It’s all in the XNA

Last night I was fortunate enough to be invited along to Atomic magazine’s Sydney XNA Enthusiasts Event.

It was a small group of close to 40 people, all keen to hear about games from a development perspective and just how easy (or hard) it would be to get into creating games, or just get more information in their heads. The Atomicans are a very loyal bunch of guys and gals who pride themselves on taking tech seriously, and it was obvious last night in the way they showed the presenters respect and followed up with intelligent questions.

Zsolt Mathe and Jason Strayer, both part of the Game Technology Group within Microsoft were over from Redmond to discuss XNA and more specifically the approaching final release of XNA Game Studio Express.

Due for release on December 11, XNA Game Studio Express builds on top of Visual C# Express with additional framework objects, abstraction layers and new project types and starter kits all aimed at arming the enthusiast coder with a toolset to help them get started. It’s not intended for professional use, instead it’s geared towards hobbyist programmers, students and even professional computer developers who don’t create games as their full time job.

There was a lot of discussion about the growing popularity of Xbox Live Arcade games. Traditionally, these are smaller games that require a much smaller development effort and seeing the numbers they were quoting it gives the "little guy" some hope that they don’t need to be backed by a multi-million dollar publisher.

But the interesting part for me was the stuff revolving around just how easy it is to get up and running with the development of a game. When you create a default XNA game project, it automatically creates a Game object with built in eventing based around a 30fps loop. Draw and Update event handlers are created along with default initialisation and constructor logic and all that’s left for you to do is create your specific objects and sounds, plug them in to the system and start writing your game specific stuff rather than having to worry about all the pipework underneath.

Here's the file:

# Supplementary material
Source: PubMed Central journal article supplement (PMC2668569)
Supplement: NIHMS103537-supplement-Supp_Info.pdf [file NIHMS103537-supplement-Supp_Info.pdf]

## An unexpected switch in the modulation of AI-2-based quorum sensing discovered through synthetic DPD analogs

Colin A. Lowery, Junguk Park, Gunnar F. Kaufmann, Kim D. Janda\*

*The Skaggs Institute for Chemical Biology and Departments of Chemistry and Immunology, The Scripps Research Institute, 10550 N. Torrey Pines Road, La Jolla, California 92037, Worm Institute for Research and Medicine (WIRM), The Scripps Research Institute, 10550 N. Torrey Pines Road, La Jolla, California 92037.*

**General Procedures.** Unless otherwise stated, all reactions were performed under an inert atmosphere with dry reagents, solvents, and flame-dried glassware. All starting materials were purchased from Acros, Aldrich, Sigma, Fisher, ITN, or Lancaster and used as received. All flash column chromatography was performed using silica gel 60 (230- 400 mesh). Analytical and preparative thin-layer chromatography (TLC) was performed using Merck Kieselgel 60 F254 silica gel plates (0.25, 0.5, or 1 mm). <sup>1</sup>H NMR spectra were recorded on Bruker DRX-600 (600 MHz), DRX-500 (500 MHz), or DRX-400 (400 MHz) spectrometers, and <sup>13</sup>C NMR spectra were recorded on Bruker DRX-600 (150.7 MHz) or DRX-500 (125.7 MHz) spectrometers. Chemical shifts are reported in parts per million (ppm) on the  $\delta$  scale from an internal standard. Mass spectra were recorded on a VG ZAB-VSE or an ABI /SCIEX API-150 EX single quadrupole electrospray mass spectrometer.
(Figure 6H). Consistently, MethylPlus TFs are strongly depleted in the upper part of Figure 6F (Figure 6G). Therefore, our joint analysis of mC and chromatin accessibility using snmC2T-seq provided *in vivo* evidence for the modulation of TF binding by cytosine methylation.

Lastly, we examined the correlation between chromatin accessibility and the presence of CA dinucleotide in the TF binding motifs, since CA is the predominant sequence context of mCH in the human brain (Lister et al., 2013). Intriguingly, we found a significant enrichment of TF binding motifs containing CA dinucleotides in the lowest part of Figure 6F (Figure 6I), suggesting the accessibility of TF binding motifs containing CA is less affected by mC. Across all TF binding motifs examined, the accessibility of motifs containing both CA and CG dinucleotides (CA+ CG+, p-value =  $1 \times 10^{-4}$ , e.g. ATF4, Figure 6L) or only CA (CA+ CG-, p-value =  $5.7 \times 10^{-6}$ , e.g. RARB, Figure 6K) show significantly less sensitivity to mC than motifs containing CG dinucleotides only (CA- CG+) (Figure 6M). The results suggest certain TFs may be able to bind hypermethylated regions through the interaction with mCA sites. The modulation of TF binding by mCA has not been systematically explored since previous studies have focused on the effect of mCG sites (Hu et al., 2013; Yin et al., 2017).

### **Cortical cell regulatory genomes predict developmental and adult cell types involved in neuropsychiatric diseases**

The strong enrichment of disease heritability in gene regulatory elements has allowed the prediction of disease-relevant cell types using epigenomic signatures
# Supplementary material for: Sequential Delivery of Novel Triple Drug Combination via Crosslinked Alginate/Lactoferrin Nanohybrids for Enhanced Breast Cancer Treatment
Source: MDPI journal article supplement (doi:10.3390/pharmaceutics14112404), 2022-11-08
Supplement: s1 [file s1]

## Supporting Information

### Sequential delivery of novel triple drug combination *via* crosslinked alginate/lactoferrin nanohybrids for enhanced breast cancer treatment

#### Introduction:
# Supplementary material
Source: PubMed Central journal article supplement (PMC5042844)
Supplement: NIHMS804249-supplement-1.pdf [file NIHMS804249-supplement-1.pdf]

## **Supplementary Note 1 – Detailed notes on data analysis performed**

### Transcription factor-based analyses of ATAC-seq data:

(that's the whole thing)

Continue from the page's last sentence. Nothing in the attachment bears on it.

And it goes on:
The XNA developers have overloaded constructors and operators so that you can use game related objects just like you would other types. For instance, take an game world object that has a three dimensional position in X, Y and Z axes. Take another object with the same structure of three dimensional values that defines the velocity you want to apply and simply add them together. Wham – you have motion – nothing else needed.

There was plenty of other stuff that has got me fired up, including sound, the ease of implementing camera angles, and how simple it is to implement different control interfaces such as the Xbox 360 controller. I need to let the information sink in a little more and get the right terminology before I look like a complete idiot though.

I’m still thinking through the ramifications of how easy this is to get up and running – particularly about all those game ideas I’ve had over the years. I’m starting to think that this might be my best chance yet for actually creating a game that I would be willing to show others.

Guaranteed though – this won’t be my last XNA post. In the mean time, if you’re interested in taking a look at XNA, head over to http://msdn.com/xna.

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